Seen at the Movies:

Steven Spielberg’s Catch Me If You Can is more pure fun than any movie around right now. It’s the supposedly all-true story of Frank Abagnale, master forger and impostor. As a teenager, Abagnale successfully impersonated an airline pilot, doctor, and lawyer, among other identities, and garnered millions through check fraud. (He went on to work for the FBI and designed fraud-proof checks, in addition to writing the book on which the movie is based.) This story, set in the 1960s, brings out Spielberg’s prankish spirit, though the director also gets to indulge his customary obsessions with broken families and father figures--Frank (28-year-old Leonardo DiCaprio, brilliantly cast as a 16-year-old passing for 26) is supposedly motivated by the desire to help his charismatic, IRS-beleaguered father (Christopher Walken, in a welcome break from guest weirdo roles), while pursuing FBI agent Carl Hanratty (Tom Hanks, in dark suit and Establishment-nerd eyeglasses) becomes a law-abiding surrogate parent for the character.

The period is lovingly recreated by production designer Jeannine Oppewall, who was seemingly as inspired as much by films and advertising of the era as by reality. When Frank, in pilot drag, is feeling his oats--and nothing signals an earlier time so much as children stopping him in the street for autographs--the colors pop wildly, in pinks and yellows and oranges. Eero Saarinen’s decommissioned TWA terminal at JFK airport is a major location, and a perfect emblem of the times. Costume designer Mary Zophres puts on an irresistibly zesty parade of stewardess uniforms and 60s casual wear. Also perfectly setting the mood are a Saul Bass-style title sequence and John Williams’ jaunty, finger-snapping music. My major reservation about the film, apart from its overextended length, relates to the typically harsh cinematography by Janusz Kaminski, whose glaring sources seem all wrong for the film’s style.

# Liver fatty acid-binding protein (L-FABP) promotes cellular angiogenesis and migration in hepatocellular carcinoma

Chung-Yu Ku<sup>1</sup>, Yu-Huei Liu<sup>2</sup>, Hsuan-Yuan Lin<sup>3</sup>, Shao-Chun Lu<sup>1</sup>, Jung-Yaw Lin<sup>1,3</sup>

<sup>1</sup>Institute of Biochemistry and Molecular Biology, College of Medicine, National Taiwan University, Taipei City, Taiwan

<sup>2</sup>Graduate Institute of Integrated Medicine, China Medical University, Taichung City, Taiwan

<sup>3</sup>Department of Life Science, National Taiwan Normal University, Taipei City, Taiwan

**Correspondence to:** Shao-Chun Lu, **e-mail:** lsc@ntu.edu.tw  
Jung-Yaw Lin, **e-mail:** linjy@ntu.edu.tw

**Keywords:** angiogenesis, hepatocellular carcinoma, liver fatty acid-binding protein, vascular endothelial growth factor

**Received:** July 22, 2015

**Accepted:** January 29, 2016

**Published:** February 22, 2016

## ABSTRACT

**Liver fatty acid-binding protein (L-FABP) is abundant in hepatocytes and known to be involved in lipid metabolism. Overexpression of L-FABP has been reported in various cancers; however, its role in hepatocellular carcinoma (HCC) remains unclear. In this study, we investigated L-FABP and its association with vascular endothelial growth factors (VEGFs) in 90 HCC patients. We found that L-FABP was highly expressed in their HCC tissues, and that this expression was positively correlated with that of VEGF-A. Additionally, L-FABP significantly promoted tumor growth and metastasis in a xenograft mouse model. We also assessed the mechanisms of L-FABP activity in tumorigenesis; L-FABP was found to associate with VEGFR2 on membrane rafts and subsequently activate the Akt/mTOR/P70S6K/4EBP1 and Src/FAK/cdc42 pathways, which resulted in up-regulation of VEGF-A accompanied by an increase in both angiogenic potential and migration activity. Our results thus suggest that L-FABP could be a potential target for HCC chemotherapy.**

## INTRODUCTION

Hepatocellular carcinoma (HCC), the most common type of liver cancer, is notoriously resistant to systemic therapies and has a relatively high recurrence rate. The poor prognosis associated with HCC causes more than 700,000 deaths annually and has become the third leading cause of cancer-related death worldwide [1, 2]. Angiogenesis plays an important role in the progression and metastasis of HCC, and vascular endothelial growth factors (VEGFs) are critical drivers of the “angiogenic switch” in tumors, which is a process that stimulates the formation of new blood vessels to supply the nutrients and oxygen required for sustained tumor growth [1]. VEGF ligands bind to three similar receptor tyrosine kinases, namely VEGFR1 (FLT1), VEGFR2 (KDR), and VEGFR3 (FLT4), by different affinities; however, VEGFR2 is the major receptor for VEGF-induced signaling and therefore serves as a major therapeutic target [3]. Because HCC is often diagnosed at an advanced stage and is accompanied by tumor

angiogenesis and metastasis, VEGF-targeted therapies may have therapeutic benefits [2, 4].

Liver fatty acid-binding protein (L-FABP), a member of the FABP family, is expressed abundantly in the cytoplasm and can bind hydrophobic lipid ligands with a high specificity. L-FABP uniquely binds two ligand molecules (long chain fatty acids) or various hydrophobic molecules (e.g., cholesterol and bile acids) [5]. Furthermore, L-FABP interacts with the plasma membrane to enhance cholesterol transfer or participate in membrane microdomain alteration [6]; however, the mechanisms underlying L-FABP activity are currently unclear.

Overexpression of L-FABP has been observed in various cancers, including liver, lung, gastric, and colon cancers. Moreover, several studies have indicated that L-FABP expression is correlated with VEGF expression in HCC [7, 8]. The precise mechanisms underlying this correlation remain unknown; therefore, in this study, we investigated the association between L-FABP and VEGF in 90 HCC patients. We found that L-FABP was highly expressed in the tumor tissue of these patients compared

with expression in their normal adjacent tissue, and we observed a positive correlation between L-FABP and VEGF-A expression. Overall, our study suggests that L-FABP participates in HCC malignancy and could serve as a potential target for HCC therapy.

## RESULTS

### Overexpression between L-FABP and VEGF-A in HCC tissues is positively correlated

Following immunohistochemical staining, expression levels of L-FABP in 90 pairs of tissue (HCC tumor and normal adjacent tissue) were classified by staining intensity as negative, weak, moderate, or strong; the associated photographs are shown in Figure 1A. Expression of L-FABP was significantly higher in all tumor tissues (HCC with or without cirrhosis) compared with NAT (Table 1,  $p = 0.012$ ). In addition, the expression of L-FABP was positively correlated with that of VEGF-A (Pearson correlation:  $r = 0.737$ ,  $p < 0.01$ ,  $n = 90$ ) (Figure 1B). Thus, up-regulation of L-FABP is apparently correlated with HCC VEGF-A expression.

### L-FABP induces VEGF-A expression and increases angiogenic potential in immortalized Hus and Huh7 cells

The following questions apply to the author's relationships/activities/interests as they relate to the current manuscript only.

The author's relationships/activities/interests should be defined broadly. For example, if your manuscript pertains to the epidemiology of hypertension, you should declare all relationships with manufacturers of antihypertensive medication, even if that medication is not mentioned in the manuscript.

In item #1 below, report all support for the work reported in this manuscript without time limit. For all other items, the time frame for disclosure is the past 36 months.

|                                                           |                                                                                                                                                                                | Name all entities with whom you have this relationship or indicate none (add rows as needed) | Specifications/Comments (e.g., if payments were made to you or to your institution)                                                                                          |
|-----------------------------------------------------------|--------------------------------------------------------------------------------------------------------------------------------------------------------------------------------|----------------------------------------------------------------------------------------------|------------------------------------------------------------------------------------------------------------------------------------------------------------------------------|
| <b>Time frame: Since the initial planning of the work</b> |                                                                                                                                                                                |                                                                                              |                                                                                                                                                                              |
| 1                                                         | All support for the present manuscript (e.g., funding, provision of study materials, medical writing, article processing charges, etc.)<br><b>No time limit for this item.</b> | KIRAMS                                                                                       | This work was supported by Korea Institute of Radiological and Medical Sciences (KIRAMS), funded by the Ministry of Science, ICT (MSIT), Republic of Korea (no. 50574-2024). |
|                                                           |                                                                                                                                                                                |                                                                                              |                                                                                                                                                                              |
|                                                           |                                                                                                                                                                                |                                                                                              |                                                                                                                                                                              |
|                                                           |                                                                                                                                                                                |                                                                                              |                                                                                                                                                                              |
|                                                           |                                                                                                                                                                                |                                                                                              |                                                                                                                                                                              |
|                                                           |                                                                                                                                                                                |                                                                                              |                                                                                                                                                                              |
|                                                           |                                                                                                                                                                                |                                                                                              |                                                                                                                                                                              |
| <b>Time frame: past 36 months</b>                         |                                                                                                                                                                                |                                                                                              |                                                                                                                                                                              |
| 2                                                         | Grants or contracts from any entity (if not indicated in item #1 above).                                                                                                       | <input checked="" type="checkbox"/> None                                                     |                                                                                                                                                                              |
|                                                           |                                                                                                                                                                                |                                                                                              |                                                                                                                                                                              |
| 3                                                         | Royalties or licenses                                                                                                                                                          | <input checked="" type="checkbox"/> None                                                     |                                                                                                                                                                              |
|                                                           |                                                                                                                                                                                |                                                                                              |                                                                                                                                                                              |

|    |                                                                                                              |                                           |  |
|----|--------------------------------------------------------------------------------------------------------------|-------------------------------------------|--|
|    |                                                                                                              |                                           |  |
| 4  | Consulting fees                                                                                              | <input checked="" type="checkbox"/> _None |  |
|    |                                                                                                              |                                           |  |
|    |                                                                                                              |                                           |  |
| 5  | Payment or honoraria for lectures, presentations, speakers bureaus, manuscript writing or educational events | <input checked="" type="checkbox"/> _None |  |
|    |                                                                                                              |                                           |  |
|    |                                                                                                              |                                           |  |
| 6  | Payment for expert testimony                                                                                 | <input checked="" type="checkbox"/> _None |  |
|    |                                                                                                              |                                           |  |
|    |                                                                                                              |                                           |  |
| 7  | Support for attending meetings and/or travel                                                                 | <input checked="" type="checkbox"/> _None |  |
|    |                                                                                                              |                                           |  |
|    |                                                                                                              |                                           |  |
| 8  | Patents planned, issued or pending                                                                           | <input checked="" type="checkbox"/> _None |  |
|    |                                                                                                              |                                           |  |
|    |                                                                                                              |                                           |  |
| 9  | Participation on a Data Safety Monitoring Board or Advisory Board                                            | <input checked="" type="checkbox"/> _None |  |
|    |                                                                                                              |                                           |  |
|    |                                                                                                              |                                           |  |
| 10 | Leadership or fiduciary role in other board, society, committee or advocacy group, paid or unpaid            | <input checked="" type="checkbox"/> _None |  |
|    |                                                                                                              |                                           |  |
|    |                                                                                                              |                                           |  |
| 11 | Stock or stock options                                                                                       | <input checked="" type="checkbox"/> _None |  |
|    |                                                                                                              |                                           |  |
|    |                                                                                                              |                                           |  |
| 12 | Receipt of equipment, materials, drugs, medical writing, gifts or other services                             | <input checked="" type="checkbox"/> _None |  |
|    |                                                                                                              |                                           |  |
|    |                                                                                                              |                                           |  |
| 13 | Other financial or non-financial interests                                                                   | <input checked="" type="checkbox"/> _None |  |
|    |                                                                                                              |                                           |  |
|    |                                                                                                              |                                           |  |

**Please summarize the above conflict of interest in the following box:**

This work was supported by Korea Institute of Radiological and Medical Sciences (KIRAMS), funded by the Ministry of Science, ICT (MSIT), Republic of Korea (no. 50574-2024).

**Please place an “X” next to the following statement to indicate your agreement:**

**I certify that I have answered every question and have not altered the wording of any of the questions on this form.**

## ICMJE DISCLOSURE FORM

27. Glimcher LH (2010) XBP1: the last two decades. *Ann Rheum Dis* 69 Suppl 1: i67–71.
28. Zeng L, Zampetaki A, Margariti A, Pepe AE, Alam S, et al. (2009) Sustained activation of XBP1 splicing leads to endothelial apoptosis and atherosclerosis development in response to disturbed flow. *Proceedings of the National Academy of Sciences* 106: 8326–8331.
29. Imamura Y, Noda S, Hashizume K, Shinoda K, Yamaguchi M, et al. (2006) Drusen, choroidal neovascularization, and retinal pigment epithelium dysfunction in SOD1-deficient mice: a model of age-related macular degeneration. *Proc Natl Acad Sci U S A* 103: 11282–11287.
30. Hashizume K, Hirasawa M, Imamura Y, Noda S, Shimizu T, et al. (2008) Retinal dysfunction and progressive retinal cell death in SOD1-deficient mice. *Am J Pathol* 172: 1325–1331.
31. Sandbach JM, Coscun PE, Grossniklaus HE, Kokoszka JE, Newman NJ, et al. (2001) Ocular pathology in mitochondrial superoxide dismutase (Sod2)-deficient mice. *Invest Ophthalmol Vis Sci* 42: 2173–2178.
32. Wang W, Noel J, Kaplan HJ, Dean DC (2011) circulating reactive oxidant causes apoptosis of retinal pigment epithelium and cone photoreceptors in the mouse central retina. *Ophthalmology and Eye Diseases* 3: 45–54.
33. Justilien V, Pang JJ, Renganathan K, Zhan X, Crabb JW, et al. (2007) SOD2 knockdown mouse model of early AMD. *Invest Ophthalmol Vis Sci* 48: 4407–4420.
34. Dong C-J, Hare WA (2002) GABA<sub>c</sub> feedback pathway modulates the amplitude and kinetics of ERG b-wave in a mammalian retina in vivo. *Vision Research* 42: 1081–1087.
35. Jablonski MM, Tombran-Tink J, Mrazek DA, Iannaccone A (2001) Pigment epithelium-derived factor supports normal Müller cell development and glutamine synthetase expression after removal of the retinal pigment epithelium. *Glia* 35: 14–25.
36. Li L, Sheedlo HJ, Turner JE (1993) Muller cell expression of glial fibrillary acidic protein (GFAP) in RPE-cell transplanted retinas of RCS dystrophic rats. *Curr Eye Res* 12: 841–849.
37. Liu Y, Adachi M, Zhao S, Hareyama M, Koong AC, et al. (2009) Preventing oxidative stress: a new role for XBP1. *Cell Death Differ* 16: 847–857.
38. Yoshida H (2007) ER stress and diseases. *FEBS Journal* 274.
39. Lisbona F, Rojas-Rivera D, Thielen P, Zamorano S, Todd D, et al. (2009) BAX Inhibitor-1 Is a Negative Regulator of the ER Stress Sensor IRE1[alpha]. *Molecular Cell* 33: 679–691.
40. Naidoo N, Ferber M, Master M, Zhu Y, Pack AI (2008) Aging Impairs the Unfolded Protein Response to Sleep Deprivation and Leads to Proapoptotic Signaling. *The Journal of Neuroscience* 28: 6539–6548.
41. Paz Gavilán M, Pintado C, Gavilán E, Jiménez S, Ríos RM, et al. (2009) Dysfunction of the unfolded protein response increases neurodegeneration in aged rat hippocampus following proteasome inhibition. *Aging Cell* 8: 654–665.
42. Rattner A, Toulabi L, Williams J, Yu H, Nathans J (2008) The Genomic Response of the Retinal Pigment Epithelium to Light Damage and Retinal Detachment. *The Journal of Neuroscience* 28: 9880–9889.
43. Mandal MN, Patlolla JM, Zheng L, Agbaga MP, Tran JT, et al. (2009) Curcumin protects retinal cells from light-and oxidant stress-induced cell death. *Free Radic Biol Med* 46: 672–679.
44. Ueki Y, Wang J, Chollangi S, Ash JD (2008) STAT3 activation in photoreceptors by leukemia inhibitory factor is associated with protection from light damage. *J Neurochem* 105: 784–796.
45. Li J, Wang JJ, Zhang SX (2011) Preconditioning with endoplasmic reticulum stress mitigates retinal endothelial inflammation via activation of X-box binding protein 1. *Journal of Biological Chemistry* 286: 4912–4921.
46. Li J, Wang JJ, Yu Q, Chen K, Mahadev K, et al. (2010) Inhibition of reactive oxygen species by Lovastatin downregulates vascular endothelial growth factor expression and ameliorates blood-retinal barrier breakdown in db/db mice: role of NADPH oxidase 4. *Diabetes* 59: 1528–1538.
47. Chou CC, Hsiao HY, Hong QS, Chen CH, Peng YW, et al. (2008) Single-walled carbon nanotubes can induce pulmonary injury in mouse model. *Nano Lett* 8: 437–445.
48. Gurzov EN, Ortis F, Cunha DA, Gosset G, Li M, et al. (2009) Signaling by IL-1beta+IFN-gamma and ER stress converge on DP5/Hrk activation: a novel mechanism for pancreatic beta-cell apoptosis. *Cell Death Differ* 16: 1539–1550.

Catch Me If You Can photos: Andrew Cooper/DreamWorks Pictures

You may think, not another Holocaust movie, but The Pianist is something different and wonderful. First of all, it’s directed by Roman Polanski (above), Holocaust survivor and pitilessly unsentimental observer. Secondly, it has at its center a character, Polish Jew Wladyslaw Szpilman, who is not traditionally heroic or brave or self-sacrificing--who survives partly by his wits, partly through luck, and partly by doing not much at all except laying low in empty apartments. He’s a passive survivor. Szpilman is portrayed by Adrien Brody (below), an actor who’s been rising for several years now; with The Pianist, he’s finally arrived. He starts out as a cultivated, slightly arrogant man, playing piano on Warsaw radio and holding his prominent-beaked head high. Gradually, everything--his home, his family, his humanity, really--is stripped away, but still he survives, with Brody’s haunted eyes peering out of a gaunt, bearded face.